By Dave Begel Contributing Writer Published Sep 13, 2013 at 12:22 PM

This column is going to be an update but it really might be the announcement of my comeback.

I don’t know whether you have noticed or not but my appearance on the pages of has been sporadic at best over the last several months.

Simply put, I have had some very difficult health issues to deal with. It’s had me in and out of the hospital and in and out of the mainstream.

But I think I can announce at least with some measure of safety and certainty that I am now back and raring to go.

And I want to start with an update on my quest to become the guitar man.

The original story can be read here. The first update of that story can be found here. Now, what I've decided to do is to learn how to play guitar and sing and do a solo gig on the night of my 70th birthday in January 2014.

I have been on stage a lot in my life as a member of theatrical casts and as a member of the band. But I have never been up there all by my lonesome with a guitar, some songs and hopefully people in the audience. That’s what’s going to happen.

The process is underway and there have been some highlights and an occasional lowlight or two.

The most important thing, of course, is the music. I have about six or seven songs chosen. I'm being taught by outstanding musicians in Milwaukee, Montana, Nashville and California. Thank God for Skype.

The venue is set. The famous Linnemann’s Riverwest Inn, 1001 E. Locust St. Jim Linneman opened his place in 1993 and he has graciously offered a beautiful facility to be the venue for this crazy dream of mine.

One problem and I hope it's a minor problem is the result of some recent surgery that I had. The last three fingers on my left hand have turned numb. That is a very difficult proposition for somebody who is trying to play the guitar. But I’m starting therapy next week and hope that we will be able to overcome this minor problem.

Linneman bought his building in 1993. Shortly after he opened the bar, he and a carpenter friend stayed up all night to build a stage (over the end of the bar) so that music could be played that weekend. The first performers: Sigmund Snopek and Friends. The stage was designed so it could easily be taken down and put back up, but was never taken down after being installed!

The stage in the front room lasted 10 years, still exists and rests in the basement today.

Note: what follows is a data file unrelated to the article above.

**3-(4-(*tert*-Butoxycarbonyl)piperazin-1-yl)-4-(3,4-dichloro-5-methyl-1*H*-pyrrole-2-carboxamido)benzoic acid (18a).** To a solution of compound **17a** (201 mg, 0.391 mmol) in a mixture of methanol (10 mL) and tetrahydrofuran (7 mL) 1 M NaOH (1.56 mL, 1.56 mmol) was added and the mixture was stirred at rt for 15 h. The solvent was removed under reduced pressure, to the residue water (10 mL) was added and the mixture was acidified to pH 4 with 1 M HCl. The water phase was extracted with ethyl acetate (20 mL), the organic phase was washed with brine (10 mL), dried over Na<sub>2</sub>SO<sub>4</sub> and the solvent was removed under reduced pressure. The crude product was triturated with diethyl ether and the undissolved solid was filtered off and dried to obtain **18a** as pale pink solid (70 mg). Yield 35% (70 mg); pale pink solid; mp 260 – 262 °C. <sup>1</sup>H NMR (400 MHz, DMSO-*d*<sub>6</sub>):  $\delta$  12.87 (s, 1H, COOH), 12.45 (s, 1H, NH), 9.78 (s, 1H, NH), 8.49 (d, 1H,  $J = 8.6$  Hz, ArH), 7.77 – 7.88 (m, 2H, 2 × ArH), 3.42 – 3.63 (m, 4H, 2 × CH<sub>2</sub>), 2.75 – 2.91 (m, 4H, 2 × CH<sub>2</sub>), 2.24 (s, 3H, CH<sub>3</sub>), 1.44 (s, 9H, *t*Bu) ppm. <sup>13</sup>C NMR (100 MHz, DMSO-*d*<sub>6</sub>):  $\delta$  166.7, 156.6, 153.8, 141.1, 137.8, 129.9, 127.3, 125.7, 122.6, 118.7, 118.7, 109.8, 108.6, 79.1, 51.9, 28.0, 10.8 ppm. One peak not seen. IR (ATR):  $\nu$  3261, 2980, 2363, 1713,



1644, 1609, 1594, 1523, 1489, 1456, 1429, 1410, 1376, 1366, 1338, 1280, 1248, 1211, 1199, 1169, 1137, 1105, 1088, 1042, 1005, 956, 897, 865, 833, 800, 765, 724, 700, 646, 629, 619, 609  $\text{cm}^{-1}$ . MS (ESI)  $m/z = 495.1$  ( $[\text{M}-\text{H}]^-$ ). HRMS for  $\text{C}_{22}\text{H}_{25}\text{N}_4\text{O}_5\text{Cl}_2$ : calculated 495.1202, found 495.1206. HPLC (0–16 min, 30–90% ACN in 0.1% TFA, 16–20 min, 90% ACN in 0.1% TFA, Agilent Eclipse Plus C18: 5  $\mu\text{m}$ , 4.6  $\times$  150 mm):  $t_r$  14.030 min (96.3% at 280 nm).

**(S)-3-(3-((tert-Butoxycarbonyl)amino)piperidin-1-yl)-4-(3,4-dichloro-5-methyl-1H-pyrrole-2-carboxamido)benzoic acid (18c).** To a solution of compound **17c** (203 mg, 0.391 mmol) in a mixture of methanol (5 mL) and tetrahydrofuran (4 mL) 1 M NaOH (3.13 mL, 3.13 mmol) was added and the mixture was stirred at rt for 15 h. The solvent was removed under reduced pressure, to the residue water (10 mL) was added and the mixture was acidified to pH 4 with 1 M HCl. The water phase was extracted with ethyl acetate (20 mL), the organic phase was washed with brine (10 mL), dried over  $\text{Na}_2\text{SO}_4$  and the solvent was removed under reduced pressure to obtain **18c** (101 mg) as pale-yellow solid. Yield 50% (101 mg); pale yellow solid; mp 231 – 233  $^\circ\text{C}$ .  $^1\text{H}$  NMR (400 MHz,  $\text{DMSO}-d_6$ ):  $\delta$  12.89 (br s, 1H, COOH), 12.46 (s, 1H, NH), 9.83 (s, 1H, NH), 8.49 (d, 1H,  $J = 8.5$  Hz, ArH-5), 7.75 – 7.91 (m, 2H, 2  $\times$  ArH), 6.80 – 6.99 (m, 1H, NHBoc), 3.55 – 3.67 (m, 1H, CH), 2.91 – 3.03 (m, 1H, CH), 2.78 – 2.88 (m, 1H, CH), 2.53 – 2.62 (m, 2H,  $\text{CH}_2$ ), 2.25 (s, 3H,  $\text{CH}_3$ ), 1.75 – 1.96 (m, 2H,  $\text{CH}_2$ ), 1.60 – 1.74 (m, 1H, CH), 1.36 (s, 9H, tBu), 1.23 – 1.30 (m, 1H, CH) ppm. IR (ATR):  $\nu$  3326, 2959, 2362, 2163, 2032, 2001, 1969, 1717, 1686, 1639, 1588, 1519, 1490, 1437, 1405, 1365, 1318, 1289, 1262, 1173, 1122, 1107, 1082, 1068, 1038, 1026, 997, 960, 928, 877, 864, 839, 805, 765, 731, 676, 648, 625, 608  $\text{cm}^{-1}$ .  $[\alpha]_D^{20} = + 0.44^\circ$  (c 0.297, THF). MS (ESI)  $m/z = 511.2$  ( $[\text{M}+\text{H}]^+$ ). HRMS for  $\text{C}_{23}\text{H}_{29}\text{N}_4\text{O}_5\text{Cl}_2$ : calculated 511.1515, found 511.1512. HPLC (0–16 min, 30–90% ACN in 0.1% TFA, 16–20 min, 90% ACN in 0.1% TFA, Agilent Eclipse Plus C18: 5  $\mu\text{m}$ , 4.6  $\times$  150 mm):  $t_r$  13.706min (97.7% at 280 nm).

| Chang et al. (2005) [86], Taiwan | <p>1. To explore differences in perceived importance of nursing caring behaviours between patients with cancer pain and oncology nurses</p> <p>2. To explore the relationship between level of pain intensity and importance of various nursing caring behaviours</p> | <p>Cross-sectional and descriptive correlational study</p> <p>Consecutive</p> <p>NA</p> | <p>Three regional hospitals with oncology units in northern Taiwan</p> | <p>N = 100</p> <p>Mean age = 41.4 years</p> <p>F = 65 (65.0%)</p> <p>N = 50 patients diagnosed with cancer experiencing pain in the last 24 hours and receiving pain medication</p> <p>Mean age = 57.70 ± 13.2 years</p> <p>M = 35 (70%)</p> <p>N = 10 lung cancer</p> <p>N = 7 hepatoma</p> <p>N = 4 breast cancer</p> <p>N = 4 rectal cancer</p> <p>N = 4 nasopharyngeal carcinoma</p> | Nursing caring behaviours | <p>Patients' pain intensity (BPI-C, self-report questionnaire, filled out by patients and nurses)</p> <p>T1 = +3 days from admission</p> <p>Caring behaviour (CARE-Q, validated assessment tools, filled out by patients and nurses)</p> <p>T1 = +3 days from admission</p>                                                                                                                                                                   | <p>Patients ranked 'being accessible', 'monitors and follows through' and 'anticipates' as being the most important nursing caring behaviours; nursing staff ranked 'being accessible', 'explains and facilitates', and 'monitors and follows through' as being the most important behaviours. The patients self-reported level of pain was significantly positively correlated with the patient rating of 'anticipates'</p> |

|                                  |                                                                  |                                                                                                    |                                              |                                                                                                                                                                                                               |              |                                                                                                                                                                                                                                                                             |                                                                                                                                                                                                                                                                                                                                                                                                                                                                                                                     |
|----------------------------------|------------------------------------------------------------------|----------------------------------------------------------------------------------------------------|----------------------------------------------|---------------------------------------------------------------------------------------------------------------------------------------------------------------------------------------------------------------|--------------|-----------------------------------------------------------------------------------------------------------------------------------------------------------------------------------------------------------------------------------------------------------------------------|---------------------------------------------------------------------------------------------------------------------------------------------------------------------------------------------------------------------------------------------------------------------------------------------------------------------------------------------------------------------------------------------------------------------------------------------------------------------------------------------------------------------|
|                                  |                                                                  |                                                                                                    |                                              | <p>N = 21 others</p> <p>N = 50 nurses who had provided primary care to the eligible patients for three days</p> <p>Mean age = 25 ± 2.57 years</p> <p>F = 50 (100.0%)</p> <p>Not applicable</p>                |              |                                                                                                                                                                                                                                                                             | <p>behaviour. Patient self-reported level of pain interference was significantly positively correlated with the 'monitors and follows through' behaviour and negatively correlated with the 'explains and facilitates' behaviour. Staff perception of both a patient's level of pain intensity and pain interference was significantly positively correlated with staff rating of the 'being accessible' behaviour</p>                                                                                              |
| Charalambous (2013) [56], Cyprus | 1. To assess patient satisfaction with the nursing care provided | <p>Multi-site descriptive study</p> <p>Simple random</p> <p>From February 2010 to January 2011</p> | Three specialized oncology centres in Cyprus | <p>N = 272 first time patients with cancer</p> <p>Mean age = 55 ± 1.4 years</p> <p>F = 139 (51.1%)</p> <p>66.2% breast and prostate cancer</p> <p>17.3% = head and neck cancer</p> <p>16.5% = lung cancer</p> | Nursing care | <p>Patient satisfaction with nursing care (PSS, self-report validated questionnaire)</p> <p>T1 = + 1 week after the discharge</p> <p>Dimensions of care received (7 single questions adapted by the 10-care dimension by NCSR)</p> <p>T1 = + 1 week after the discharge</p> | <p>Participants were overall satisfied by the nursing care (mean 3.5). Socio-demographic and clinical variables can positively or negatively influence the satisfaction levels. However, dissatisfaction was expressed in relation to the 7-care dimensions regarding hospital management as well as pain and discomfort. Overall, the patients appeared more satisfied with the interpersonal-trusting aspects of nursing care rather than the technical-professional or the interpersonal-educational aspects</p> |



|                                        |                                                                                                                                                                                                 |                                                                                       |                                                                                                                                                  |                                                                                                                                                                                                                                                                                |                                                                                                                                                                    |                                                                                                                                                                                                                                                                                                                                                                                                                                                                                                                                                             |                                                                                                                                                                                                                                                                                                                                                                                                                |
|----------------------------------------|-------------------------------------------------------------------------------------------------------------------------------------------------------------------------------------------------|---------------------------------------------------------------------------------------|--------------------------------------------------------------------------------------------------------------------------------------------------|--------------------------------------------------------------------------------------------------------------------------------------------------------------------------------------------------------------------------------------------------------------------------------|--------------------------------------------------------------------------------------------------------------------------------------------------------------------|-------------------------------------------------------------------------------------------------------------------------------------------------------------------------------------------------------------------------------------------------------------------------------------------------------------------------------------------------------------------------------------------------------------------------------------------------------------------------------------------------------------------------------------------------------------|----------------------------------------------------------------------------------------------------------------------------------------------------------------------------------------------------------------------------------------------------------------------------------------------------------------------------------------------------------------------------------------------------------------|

It is estimated that nearly 10,000 performers have graced that stage, including: Rock & Roll Hall of Famer Ray Davies of the Kinks (who did not perform but only walked on the stage), Woodstock legend Country Joe McDonald (three times), famed British saxophonist Dick Perry (Pink Floyd, The Who) – who was stuck in Milwaukee during Sept. 11 and hung out nightly at Linneman’s! – all four core members of the Violent Femmes including Brian Richie, Victor Delorenzo, Gordon Gano and Guy Hoffman – plus countless members of the Femmes famous "horns of dilemma," including Sigmund Snopek, Peter Balistreri, Jeff Hamilton, John Sparrow and many others.

Sam Llanas, founder of the Bodeans, is a dear friend of Linneman’s and has performed here regularly over many years with several other Bodeans. Peter Tork of the Monkees walked into Linneman’s one night to see The Mosleys play, and stayed for hours. Many other high-profile Milwaukee musicians have played Linneman’s over the years, and continue to come back.

In 2003, after 10 years in business, Linneman’s added a large area that included a new, larger stage.

Linneman’s Acoustic Wednesday open stage continues to operate after 20 years, fostering quality songwriting and songwriters in Milwaukee. Today many of Milwaukee’s popular bands have members who started performing at Linneman’s Acoustic Wednesday.

Being a music venue in Milwaukee is not a pathway to riches. It can be difficult and problematic. But Linneman has persisted and his commitment to local music is one that should be the envy of every promoter in town.

And so, his venue awaits and practice continues. I’ll keep you up to date.

Dave Begel Contributing Writer

With a history in Milwaukee stretching back decades, Dave tries to bring a unique perspective to his writing, whether it's sports, politics, theater or any other issue.

He's seen Milwaukee grow, suffer pangs of growth, strive for success and has been involved in many efforts to both shape and re-shape the city. He's a happy man, now that he's quit playing golf, and enjoys music, his children and grandchildren and the myriad of sports in this state. He loves great food and hates bullies and people who think they are smarter than everyone else.

This whole Internet thing continues to baffle him, but he's willing to play the game as long as keeps lending him a helping hand. He is constantly amazed that just a few dedicated people can provide so much news and information to a hungry public.

Despite some opinions to the contrary, Dave likes most stuff. But he is a skeptic who constantly wonders about the world around him. So many questions, so few answers.